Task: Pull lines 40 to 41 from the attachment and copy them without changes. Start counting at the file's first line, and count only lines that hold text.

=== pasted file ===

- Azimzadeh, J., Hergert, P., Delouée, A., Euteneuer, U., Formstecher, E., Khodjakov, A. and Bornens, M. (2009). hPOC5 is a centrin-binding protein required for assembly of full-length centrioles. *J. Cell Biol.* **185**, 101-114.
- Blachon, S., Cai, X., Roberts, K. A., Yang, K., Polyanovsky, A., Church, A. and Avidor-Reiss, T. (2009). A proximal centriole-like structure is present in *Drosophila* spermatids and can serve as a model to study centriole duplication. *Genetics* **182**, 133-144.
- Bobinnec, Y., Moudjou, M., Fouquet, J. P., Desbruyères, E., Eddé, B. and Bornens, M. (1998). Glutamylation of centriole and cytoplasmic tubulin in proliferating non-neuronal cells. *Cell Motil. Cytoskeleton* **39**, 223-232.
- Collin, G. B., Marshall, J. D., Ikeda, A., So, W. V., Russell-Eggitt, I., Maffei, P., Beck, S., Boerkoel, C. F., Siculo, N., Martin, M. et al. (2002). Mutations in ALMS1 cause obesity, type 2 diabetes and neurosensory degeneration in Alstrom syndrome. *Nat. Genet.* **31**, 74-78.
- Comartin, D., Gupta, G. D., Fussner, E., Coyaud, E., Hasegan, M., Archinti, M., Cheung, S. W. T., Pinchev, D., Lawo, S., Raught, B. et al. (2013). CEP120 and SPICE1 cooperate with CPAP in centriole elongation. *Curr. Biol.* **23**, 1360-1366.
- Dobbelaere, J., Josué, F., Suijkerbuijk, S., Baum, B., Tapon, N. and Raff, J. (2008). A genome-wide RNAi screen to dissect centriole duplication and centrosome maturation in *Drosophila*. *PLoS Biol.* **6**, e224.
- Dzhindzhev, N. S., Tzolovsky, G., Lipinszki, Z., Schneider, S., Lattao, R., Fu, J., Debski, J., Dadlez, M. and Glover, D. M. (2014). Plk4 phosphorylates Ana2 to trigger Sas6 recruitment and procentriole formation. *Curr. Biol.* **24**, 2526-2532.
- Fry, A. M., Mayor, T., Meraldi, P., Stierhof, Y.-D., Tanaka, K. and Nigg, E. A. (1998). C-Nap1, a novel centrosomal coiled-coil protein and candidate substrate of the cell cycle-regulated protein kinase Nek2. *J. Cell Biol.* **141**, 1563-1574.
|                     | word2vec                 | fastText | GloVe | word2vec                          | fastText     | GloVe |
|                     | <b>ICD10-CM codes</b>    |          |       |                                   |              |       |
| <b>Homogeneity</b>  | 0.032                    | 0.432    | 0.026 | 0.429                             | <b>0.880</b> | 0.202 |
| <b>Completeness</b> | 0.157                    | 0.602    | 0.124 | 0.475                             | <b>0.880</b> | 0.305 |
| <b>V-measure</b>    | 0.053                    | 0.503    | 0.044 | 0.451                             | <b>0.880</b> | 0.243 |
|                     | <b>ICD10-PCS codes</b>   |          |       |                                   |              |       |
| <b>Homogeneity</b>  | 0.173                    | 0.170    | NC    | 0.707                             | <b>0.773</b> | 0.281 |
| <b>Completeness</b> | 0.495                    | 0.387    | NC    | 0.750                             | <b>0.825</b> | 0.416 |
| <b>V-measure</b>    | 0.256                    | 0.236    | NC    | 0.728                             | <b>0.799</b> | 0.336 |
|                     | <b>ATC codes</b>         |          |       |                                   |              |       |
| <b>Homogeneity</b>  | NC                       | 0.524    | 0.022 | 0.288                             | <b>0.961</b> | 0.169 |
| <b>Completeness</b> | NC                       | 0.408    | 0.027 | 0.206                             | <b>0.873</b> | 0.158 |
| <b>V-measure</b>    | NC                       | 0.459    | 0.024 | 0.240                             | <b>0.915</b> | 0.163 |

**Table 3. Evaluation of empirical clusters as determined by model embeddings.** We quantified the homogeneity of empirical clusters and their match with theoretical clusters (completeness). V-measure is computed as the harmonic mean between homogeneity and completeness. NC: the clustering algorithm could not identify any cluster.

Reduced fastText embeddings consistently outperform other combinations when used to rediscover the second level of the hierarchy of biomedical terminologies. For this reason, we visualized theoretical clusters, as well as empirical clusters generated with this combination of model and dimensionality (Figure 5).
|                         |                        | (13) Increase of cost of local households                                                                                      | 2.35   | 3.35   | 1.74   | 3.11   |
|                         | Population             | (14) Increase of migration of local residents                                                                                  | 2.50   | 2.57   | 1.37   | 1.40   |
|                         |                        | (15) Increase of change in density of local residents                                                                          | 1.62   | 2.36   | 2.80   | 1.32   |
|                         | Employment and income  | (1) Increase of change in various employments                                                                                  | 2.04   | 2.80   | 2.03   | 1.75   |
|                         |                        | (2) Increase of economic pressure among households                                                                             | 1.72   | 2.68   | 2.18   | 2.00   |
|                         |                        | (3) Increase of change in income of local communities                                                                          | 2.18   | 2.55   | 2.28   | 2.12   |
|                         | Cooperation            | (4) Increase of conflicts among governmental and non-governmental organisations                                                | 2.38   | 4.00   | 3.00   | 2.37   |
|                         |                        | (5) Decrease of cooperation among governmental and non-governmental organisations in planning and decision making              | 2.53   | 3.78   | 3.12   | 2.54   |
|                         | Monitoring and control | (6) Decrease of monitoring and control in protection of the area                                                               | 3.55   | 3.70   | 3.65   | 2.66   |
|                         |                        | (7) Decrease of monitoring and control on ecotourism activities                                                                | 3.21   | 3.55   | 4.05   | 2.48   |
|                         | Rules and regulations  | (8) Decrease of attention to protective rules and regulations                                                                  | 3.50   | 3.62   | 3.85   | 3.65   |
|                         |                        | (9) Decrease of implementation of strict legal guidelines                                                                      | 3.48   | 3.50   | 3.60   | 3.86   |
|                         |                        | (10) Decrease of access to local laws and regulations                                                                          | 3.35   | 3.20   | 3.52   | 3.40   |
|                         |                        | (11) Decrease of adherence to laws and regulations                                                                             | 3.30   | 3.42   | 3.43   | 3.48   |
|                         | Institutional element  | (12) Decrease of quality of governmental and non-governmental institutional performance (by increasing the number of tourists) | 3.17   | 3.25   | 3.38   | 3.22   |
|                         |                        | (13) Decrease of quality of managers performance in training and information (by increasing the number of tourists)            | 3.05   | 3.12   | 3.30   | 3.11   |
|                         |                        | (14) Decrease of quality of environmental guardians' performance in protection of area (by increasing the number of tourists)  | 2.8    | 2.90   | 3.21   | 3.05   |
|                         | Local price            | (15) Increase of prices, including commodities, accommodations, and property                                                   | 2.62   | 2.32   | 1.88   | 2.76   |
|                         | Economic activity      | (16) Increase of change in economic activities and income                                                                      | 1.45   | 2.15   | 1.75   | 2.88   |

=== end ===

|                         |                        | (14) Decrease of quality of environmental guardians' performance in protection of area (by increasing the number of tourists)  | 2.8    | 2.90   | 3.21   | 3.05   |
|                         | Local price            | (15) Increase of prices, including commodities, accommodations, and property                                                   | 2.62   | 2.32   | 1.88   | 2.76   |